"First of all, I don't want to see 30 to 50 windmills around my house," Gina MacLeod told Debbie Horne of the West Prince Graphic in Alberton. "The transmission lines are right there, less than 100 feet from our house. The biggest thing for me is if there is any risk at all, then I don't want to have it near my family." ..."We as citizens should not have to worry about these issues. We elect our government officials who are there to serve us before they give permission for foreign companies to come into our area and make drastic changes. We as residents should have been notified and informed."
A bankrupt wind energy company's latest attempt to get funding from P.E.I. taxpayers has been turned down. ...The Department of Innovation told CBC news Monday the company made several requests for loans, but none of the terms would give the province the kind of economic return it is looking for.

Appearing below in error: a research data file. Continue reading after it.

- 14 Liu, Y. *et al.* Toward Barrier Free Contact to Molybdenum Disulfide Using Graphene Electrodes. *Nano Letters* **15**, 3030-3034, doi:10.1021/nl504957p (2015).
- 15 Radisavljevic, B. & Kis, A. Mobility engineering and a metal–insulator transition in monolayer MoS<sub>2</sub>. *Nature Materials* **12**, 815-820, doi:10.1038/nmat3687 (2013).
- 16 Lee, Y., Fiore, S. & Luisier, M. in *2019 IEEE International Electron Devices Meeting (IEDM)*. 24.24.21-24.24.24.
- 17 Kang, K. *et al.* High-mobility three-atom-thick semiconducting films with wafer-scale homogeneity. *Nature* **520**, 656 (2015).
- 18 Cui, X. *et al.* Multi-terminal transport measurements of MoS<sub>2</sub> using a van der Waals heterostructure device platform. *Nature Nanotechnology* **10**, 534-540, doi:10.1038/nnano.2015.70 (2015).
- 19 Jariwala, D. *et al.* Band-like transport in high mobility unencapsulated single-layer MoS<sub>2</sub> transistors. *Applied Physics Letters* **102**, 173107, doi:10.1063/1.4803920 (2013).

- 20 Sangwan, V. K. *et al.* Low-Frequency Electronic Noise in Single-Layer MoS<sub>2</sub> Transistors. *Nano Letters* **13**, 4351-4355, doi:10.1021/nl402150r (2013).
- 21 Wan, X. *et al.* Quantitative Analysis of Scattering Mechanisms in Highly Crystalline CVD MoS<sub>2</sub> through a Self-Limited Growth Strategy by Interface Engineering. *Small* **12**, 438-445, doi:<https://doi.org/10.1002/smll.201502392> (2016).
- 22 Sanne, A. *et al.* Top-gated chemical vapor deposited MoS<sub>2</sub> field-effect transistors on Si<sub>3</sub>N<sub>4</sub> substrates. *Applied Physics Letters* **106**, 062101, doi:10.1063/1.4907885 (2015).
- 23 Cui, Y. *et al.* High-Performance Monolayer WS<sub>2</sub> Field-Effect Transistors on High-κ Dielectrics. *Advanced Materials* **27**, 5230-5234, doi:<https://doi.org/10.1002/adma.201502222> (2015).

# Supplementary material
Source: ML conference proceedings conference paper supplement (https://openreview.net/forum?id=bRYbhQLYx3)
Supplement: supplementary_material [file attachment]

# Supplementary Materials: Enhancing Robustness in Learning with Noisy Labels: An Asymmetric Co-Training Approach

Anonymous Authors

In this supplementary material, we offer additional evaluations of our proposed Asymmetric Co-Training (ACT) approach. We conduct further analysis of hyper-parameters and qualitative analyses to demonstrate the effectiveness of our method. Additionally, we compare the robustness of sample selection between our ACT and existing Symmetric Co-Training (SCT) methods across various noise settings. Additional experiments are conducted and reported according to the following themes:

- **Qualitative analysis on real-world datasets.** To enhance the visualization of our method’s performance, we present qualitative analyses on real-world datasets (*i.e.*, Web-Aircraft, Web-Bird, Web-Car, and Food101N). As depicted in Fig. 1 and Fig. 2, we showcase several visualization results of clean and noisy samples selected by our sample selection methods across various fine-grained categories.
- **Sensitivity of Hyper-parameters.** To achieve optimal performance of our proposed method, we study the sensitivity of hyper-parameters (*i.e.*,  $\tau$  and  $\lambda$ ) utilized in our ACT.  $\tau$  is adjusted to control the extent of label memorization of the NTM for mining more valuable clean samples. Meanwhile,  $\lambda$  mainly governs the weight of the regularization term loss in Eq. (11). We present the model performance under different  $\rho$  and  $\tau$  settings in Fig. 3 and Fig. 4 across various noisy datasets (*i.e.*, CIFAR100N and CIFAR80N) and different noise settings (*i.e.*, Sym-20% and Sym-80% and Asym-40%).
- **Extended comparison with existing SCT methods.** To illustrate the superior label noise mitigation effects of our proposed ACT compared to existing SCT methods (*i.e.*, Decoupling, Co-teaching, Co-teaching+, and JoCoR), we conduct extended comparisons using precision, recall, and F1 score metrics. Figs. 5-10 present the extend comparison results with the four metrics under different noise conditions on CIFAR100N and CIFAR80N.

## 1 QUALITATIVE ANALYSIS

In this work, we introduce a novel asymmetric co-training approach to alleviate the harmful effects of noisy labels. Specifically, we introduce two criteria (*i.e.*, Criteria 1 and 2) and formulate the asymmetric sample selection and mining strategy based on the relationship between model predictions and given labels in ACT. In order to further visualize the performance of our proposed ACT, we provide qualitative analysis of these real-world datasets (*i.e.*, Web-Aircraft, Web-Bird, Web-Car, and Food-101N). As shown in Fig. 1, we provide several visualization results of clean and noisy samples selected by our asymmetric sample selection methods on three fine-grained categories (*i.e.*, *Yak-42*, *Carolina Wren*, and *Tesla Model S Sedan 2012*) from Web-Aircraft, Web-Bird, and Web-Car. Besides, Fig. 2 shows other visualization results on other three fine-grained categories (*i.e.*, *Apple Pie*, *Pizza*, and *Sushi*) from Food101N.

The P.E.I. government signed a five-year warranty and maintenance package costing $1 million a year for 10 Vestas turbines purchased by the province for $48 million for its East Point wind farm in 2007. ...Without the warranty and maintenance package, the province would have been looking at forking out more than $5 million in repair costs, added Brown.
Prince Edward Island has set an ambitious new target for renewable energy use, saying it is committed to producing 30 per cent of its total energy needs from renewable sources by 2016.
Premier Pat Binns said Thursday that renewable energy is a key to strengthening the Island economy.
The Supreme Court of P.E.I. has denied a request by Entegrity Wind Systems for an extension to devise a plan to avoid bankruptcy.
The wind turbine manufacturer owes $11 million to creditors and has been trying to put together a business plan to prove it can turn the company around. It has been under court protection from creditors since August.
With the first phase of a 99-megawatt wind farm in West Cape now underway, the president of Ventus Energy Inc. says company staff are already thinking about other potential projects.